Have you ever wondered how they come up with a three-digit number that can predict whether you’re a good or bad credit risk?
Back in the 1980s, a group of credit grantors, Fair Isaac Corporation (FICO) and one of the three national credit bureaus got together to develop a way to help lenders better predict risk and comply with some of the various consumer protection regulations, such as the Equal Credit Opportunity Act. They set out to develop an automated system that would rank-order the likelihood of a borrower paying on time each month, based entirely on information found in a credit report. (Full Disclosure: I used to work for FICO.)
The hope was that such a system would enable lenders to approve more credit cards and loans to more people without increasing their losses, while ensuring regulatory compliance.
The result was a credit bureau risk score consisting of a three-digit number ranging between 300 and 850 that represented the odds of a borrower paying all credit obligations on time, with higher odds of paying as agreed leading to higher three-digit numbers — and lower future risk to lenders.
Nowadays there are many companies developing and marketing credit scores, yet consumers remain mostly in the dark about how the formulas for these scores originate. And while the fine details of credit scoring formulas are both proprietary and quite complex, a basic underlying knowledge of how scores work can be helpful to anyone trying to manage their credit more effectively.
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What follows is a very general description of how credit scores are developed:
Step 1: Get the data
First, a credit bureau will agree to provide the credit score developers with sets of credit information taken from the credit reports of millions of anonymous consumers, as of two points in time — typically two years apart — for each consumer. While credit scoring can often seem more arbitrary than reality-based, the information used in credit scoring and the impact of that information on a credit score is entirely based on the real-life experience of millions of consumers.
Step 2: Identify the predictive characteristics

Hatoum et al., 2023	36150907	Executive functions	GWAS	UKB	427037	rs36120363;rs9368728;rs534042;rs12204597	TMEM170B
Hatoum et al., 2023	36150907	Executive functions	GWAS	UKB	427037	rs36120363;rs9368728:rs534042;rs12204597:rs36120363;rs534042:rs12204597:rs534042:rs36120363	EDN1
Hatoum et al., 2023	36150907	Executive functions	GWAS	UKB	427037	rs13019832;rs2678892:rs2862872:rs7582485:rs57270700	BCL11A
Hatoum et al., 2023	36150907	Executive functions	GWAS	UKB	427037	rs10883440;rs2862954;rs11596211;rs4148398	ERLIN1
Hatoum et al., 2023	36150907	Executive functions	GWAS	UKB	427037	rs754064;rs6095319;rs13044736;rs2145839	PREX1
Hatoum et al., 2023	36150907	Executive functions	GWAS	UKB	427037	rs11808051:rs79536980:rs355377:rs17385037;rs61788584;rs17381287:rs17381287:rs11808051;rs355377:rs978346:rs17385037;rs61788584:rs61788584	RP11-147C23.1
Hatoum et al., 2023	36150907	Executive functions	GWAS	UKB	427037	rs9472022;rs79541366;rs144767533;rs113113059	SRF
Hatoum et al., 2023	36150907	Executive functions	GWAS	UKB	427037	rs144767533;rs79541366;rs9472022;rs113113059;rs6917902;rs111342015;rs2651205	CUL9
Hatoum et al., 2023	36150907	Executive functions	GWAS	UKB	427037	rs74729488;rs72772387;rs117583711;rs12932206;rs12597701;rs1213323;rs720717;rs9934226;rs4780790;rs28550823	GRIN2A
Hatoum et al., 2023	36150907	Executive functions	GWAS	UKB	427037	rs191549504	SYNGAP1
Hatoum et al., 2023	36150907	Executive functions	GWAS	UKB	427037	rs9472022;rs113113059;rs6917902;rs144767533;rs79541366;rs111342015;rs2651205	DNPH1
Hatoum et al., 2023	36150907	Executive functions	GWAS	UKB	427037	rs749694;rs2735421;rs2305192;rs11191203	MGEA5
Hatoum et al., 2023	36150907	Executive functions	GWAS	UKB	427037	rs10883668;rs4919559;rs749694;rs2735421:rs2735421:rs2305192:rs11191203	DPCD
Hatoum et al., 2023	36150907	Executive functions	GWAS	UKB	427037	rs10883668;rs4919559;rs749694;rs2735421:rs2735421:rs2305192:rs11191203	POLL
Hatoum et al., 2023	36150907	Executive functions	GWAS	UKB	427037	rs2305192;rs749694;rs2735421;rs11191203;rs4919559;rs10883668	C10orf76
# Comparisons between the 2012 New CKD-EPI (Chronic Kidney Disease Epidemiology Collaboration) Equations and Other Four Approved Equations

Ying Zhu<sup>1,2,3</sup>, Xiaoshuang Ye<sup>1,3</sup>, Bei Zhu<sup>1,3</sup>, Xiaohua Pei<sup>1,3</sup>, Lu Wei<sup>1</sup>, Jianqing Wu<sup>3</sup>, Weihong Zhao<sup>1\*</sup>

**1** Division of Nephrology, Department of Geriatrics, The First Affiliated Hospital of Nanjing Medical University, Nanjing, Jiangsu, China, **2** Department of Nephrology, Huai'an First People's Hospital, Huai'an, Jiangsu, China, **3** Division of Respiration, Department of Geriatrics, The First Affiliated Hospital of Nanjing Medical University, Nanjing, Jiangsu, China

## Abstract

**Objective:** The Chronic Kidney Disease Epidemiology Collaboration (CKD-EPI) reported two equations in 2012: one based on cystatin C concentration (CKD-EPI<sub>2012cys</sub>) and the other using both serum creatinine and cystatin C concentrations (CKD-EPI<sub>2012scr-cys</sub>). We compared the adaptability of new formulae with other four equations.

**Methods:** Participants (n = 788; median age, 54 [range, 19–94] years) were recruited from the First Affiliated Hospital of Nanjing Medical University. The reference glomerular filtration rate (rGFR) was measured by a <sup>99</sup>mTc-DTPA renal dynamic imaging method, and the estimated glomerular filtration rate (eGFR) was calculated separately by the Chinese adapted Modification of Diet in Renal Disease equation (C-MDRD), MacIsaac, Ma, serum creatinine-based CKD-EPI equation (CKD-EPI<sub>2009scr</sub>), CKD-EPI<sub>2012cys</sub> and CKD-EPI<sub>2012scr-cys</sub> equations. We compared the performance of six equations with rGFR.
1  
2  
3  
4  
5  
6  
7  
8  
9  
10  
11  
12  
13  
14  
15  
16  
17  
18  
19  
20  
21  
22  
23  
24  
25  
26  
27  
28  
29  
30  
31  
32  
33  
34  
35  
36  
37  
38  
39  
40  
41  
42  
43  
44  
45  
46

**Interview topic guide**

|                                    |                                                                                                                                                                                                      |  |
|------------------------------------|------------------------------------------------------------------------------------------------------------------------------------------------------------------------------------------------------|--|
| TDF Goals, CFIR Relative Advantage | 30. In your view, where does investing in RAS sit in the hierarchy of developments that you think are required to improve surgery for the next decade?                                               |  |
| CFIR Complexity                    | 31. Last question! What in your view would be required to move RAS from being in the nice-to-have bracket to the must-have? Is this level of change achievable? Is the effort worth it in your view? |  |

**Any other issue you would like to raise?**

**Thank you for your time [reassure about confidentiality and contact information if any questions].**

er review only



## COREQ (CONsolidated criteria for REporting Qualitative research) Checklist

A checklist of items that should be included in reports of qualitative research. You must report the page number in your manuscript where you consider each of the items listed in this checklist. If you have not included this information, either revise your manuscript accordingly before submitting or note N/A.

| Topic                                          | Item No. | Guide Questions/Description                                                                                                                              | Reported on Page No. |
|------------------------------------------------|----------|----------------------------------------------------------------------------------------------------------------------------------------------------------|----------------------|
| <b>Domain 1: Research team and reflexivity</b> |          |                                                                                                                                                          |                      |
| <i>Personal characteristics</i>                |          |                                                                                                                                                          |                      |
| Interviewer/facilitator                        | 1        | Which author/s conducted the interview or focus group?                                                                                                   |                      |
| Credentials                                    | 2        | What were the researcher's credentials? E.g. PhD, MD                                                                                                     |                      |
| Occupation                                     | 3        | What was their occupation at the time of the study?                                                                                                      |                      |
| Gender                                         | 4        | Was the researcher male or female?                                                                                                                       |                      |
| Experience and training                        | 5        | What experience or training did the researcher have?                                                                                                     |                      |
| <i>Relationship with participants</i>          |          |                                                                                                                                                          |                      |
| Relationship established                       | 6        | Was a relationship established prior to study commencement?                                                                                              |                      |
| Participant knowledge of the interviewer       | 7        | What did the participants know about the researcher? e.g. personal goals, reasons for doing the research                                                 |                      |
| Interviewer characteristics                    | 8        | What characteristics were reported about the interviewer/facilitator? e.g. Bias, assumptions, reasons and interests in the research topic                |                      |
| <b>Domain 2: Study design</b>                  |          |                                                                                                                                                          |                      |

Next begins process of observing the various trends and correlations between the first and second sets of credit reports, focusing in on defaults, bankruptcies and other negative credit outcomes, in a search for characteristics among that first set of credit reports that might have predicted some of those outcomes found two years later. For example, the data might show that consumers defaulting on credit card accounts were found to have comparatively high credit card debt in the years leading up to the default. If so, high credit card balances could be among the various predictive characteristics making up a credit scorecard.
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Step 3: Build the scorecards
Once a reliable set of predictive characteristics has been established, each is weighted according to its predictive value and organized in a scorecard-like grid, with the various weights for each characteristic represented by a number of points that correspond to the attributes of the credit report being evaluated (scored).
Step 4: Calculate the score
Once the scorecards are created, the credit reports are ready to be scored. But within each credit scoring model there are a number of different scorecards, each tailored to a specific credit profile that looks at categories, such as the length of credit history, number of credit accounts, and the presence of negative information, among other factors. This multiple scorecard system enables the formula to predict consumer creditworthiness within a wide range of different credit experiences that includes people who have never missed a payment, those just coming out of bankruptcy, and everyone in between. The first step in calculating a credit score is identifying the most predictive scorecard for a particular consumer, followed by compiling the points earned for each of the scorecard characteristics according to the information found in the credit report.
Step 5: Validate the score
Finally, there’s that nagging bit of skepticism — not only among consumers, but also among the score developers themselves at this stage of the process — that questions whether the score actually does what it’s supposed to do. As one way of validating the scoring formula’s ability to accurately predict future risk, a lender will instruct the credit bureau to use the newly developed formula to calculate scores retroactively on some of its own borrowers’ archived credit reports, as of the date the credit was originally granted. This vital step enables the lender to determine the accuracy of the scores through hindsight, such that a successful validation should result in the good performers scoring high and the poor performers having low retroactive scores.
To get a glimpse into how your own credit information is being scored by some of the many credit scoring models, check out Credit.com’s free Credit Report Card.
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